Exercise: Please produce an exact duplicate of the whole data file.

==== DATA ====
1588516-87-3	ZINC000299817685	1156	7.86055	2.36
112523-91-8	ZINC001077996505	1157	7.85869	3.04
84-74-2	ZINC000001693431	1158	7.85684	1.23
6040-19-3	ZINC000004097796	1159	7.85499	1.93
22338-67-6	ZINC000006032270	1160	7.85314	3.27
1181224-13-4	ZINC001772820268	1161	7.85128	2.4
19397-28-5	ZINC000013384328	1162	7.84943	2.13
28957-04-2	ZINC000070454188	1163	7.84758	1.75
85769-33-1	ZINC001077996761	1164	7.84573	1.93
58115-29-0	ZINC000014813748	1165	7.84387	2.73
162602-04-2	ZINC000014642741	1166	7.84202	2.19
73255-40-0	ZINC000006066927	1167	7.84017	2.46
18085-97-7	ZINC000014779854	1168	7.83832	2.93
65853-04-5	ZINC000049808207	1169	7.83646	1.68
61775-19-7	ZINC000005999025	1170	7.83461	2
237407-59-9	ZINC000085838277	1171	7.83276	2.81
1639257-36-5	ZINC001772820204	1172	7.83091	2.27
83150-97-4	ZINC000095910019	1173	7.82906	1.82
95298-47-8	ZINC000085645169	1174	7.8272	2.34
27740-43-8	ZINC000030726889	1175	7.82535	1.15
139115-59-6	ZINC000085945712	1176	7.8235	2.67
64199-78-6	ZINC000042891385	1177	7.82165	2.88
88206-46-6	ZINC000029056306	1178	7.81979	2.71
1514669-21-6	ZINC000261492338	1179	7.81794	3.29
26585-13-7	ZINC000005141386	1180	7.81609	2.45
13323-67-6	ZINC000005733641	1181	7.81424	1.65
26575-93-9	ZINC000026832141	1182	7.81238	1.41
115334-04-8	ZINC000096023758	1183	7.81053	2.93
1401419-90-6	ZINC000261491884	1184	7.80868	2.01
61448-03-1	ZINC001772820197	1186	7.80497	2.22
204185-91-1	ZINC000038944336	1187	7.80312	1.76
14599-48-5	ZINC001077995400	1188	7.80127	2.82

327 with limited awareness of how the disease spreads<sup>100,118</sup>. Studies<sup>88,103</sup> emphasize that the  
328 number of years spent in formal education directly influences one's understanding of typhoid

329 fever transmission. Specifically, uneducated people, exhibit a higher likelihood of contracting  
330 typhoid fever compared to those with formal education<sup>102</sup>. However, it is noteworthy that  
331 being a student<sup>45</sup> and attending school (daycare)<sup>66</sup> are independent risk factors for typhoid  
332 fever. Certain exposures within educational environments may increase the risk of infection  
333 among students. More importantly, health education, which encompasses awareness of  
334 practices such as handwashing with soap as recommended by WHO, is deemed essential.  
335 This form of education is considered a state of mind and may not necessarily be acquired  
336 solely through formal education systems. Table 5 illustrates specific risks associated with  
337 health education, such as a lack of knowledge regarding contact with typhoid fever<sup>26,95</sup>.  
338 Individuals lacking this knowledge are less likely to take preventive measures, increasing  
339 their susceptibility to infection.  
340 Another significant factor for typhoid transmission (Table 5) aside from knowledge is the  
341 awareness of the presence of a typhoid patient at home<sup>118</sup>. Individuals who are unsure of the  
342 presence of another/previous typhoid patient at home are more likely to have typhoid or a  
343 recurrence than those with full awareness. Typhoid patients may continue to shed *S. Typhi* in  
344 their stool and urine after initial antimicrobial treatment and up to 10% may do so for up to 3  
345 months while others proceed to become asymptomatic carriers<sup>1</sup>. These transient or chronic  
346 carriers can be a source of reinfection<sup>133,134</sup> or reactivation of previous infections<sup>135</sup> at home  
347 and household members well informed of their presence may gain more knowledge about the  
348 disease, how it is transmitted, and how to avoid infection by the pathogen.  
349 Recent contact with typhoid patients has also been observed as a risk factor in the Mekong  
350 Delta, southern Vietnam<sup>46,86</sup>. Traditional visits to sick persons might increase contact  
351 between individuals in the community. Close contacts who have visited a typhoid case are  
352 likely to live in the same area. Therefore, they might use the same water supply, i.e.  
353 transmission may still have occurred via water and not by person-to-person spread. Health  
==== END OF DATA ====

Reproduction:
1588516-87-3	ZINC000299817685	1156	7.86055	2.36
112523-91-8	ZINC001077996505	1157	7.85869	3.04
84-74-2	ZINC000001693431	1158	7.85684	1.23
6040-19-3	ZINC000004097796	1159	7.85499	1.93
22338-67-6	ZINC000006032270	1160	7.85314	3.27
1181224-13-4	ZINC001772820268	1161	7.85128	2.4
19397-28-5	ZINC000013384328	1162	7.84943	2.13
28957-04-2	ZINC000070454188	1163	7.84758	1.75
85769-33-1	ZINC001077996761	1164	7.84573	1.93
58115-29-0	ZINC000014813748	1165	7.84387	2.73
162602-04-2	ZINC000014642741	1166	7.84202	2.19
73255-40-0	ZINC000006066927	1167	7.84017	2.46
18085-97-7	ZINC000014779854	1168	7.83832	2.93
65853-04-5	ZINC000049808207	1169	7.83646	1.68
61775-19-7	ZINC000005999025	1170	7.83461	2
237407-59-9	ZINC000085838277	1171	7.83276	2.81
1639257-36-5	ZINC001772820204	1172	7.83091	2.27
83150-97-4	ZINC000095910019	1173	7.82906	1.82
95298-47-8	ZINC000085645169	1174	7.8272	2.34
27740-43-8	ZINC000030726889	1175	7.82535	1.15
139115-59-6	ZINC000085945712	1176	7.8235	2.67
64199-78-6	ZINC000042891385	1177	7.82165	2.88
88206-46-6	ZINC000029056306	1178	7.81979	2.71
1514669-21-6	ZINC000261492338	1179	7.81794	3.29
26585-13-7	ZINC000005141386	1180	7.81609	2.45
13323-67-6	ZINC000005733641	1181	7.81424	1.65
26575-93-9	ZINC000026832141	1182	7.81238	1.41
115334-04-8	ZINC000096023758	1183	7.81053	2.93
1401419-90-6	ZINC000261491884	1184	7.80868	2.01
61448-03-1	ZINC001772820197	1186	7.80497	2.22
204185-91-1	ZINC000038944336	1187	7.80312	1.76
14599-48-5	ZINC001077995400	1188	7.80127	2.82

327 with limited awareness of how the disease spreads<sup>100,118</sup>. Studies<sup>88,103</sup> emphasize that the  
328 number of years spent in formal education directly influences one's understanding of typhoid

329 fever transmission. Specifically, uneducated people, exhibit a higher likelihood of contracting  
330 typhoid fever compared to those with formal education<sup>102</sup>. However, it is noteworthy that  
331 being a student<sup>45</sup> and attending school (daycare)<sup>66</sup> are independent risk factors for typhoid  
332 fever. Certain exposures within educational environments may increase the risk of infection  
333 among students. More importantly, health education, which encompasses awareness of  
334 practices such as handwashing with soap as recommended by WHO, is deemed essential.  
335 This form of education is considered a state of mind and may not necessarily be acquired  
336 solely through formal education systems. Table 5 illustrates specific risks associated with  
337 health education, such as a lack of knowledge regarding contact with typhoid fever<sup>26,95</sup>.  
338 Individuals lacking this knowledge are less likely to take preventive measures, increasing  
339 their susceptibility to infection.  
340 Another significant factor for typhoid transmission (Table 5) aside from knowledge is the  
341 awareness of the presence of a typhoid patient at home<sup>118</sup>. Individuals who are unsure of the  
342 presence of another/previous typhoid patient at home are more likely to have typhoid or a  
343 recurrence than those with full awareness. Typhoid patients may continue to shed *S. Typhi* in  
344 their stool and urine after initial antimicrobial treatment and up to 10% may do so for up to 3  
345 months while others proceed to become asymptomatic carriers<sup>1</sup>. These transient or chronic  
346 carriers can be a source of reinfection<sup>133,134</sup> or reactivation of previous infections<sup>135</sup> at home  
347 and household members well informed of their presence may gain more knowledge about the  
348 disease, how it is transmitted, and how to avoid infection by the pathogen.  
349 Recent contact with typhoid patients has also been observed as a risk factor in the Mekong  
350 Delta, southern Vietnam<sup>46,86</sup>. Traditional visits to sick persons might increase contact  
351 between individuals in the community. Close contacts who have visited a typhoid case are  
352 likely to live in the same area. Therefore, they might use the same water supply, i.e.  
353 transmission may still have occurred via water and not by person-to-person spread. Health  